By Juan Barquin
By Amy Nicholson
By Alan Scherstuhl
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The opening night screening of Andy Garcia's Modigliani at Gusman sold out so fast a second showing was added at the Regal Cinema in South Beach for the following afternoon. And so it goes all over town, from the Cosford in the Gables to Little Havana's Tower Theater and the Sunrise Intracoastal in North Miami Beach. Now in its second year under the direction of Miami Dade College, the Miami International Film Festival (beginning February 4 and concluding February 14) boasts the biggest lineup in its history. Tickets are moving furiously for 118 pictures from 47 countries, including a slew of world premieres and U.S. premieres as well as special events that range from the fabulous to the bizarre, from the deadly serious to the seriously giddy.
"It feels great," says MDC president Eduardo J. Padron, who pledges that the festival will continue at the nation's largest community college "as long as we get the community response we got last year, the response we already have been getting this year. As long as the community wants it.
"For us, it is a win-win situation," continues Padron, "for multiple reasons. First, we have our school of entertainment technology, and our film school is perhaps the best in Florida. The festival complements their academic programs in a significant way, allowing us to provide not just the festival for the community but also seminars and other special events for our students and faculty."
Then there are the movies. The 2005 MIFF is eclectic by any standards and pointedly appropriate for a city that is fast becoming the cultural heart of the Americas. It's not just that a renowned Cuban-American MDC alumnus stars in the festival's opening salvo. It is also that the categories abound with surprises and rediscoveries, with distinctive competition categories in Ibero-American Cinema and World Cinema, both in dramatic and in documentary features.
"It is not just the number of films. It is the quality of the premieres," says Padron. "You know, they don't give these films to just anybody. We have been able to do what we do because we have a lot of people with the passion, with the commitment to make things happen. And of course we have a director of incredible vision."
That would be Nicole Guillemet, the MIFF director who was recruited from FIU and has made the transition to Miami Dade in style. In addition to what amounts to several minifestivals within the overall program, the Sundance Festival alumna has scheduled a touching Liv Ullmann Career Achievement Tribute ("You need to see her as a director -- her one faceless role.") and a lineup of rarities in tribute to the revered cult documentary filmmaker Jean Rouch, who died last year. She is even managing to shake up her baby boomer audience by including Bob Rafelson's iconic 1970 Five Easy Pieces among the series of "Classic Films: Movies That Transcend Time and Imagination."
Is it a little soon to proclaim a classic to an audience that was there for its premiere?
"Thirty-five years is not so recent," laughs Guillemet, whose disarming French accent is thick as crme fraiche as she justifies the inclusion of Pieces as a "classic." "The film is such an event. I watched it again -- what an incredible story. So we invited Bob Rafelson to be on our jury, and we started to create an event. Karen Black agreed to come too. We are all totally part of a wonderful generation. So much happened. This is a tribute to those times."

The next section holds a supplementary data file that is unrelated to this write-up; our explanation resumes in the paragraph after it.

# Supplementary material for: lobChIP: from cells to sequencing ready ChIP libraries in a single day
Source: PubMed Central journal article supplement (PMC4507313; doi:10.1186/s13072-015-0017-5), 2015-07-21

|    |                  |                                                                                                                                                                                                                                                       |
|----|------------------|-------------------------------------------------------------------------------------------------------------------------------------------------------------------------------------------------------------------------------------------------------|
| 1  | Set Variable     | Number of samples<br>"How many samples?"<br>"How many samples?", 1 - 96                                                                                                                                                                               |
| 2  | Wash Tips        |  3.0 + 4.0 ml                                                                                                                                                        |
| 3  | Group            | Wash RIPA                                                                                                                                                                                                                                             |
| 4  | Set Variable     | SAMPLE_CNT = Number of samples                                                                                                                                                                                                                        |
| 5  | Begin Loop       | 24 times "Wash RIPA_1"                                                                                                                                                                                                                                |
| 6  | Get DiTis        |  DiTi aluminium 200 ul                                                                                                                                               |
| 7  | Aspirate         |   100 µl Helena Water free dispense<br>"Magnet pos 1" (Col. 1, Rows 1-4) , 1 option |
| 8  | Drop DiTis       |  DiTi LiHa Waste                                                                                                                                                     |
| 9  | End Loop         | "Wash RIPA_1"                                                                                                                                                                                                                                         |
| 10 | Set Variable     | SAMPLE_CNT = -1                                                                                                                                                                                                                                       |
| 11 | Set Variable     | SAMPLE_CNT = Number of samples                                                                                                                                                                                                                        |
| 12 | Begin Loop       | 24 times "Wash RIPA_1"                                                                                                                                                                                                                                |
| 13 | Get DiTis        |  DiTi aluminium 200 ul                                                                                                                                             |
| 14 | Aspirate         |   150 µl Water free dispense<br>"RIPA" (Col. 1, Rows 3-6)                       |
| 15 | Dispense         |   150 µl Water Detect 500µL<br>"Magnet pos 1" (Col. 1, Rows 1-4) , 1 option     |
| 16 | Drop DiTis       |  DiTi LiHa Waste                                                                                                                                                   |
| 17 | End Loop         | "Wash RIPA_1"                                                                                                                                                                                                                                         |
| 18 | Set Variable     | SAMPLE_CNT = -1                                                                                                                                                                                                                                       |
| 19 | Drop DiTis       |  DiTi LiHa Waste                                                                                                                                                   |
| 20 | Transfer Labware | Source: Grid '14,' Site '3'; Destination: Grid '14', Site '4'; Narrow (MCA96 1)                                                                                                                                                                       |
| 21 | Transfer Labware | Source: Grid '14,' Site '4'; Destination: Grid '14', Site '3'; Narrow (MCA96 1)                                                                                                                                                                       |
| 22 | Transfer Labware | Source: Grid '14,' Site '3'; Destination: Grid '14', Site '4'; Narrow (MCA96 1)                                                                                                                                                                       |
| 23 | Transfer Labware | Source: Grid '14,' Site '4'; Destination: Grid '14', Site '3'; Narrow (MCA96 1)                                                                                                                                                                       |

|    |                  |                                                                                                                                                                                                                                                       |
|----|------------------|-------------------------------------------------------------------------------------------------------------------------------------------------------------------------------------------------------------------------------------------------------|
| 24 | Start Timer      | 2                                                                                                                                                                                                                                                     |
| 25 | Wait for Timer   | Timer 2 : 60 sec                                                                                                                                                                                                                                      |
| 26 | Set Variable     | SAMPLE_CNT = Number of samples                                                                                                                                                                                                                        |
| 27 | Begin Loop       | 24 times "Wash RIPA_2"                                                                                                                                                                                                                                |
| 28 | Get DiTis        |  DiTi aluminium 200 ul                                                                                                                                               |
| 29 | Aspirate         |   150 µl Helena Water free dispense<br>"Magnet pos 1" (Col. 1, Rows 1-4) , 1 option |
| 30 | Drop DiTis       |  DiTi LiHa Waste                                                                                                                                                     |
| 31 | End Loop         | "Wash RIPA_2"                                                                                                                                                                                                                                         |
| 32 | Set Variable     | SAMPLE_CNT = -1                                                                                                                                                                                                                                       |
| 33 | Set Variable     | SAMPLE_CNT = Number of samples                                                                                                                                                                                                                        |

For more recent times, Guillemet sees no limits. "We can move from the idealism of young people in the 1960s and '70s to today. Look at The Edukators," one of two films boasting a breakout star of last year's festival: Daniel Brühl. After the bittersweet German comedy Goodbye Lenin, the young actor is represented at this year's MIFF with both The Edukators and with a lovely piece called The Ladies in Lavender, where he costars with Dame Maggie Smith and Dame Judi Dench. "He is really a young actor to watch," says Guillemet.
Chances are he won't be alone. The opportunities to discover talent from Spain to Colombia, Norway to Brazil, Hungary to Argentina, and Thailand to the United States are among the festival's sweetest pleasures. Political consciousness will be raised in the series "The Big Picture: Theater of Truth," not so much by intent as by happy accident: "You just look around and see which films address the big issues of our time," says Guillemet. "Last year we had films about women and violence. This year we have a film about Tibet (What Remains of Us), about a country's freedom. A film about Baghdad and about the U.N. Then I was surprised by how many films there were about children and war. I did not have this agenda. It just happened."
Much else has been happening with the festival. By Guillemet's design, there are a number of second-time directors represented, a big boost to developing filmmakers at a crucial time. "We show a lot of films that don't have distributors attached," she says, "and in that way festivals are playing a big role in developing that distribution." In that way, too, MIFF is letting South Florida in on the act of discovery, well ahead of the pack.
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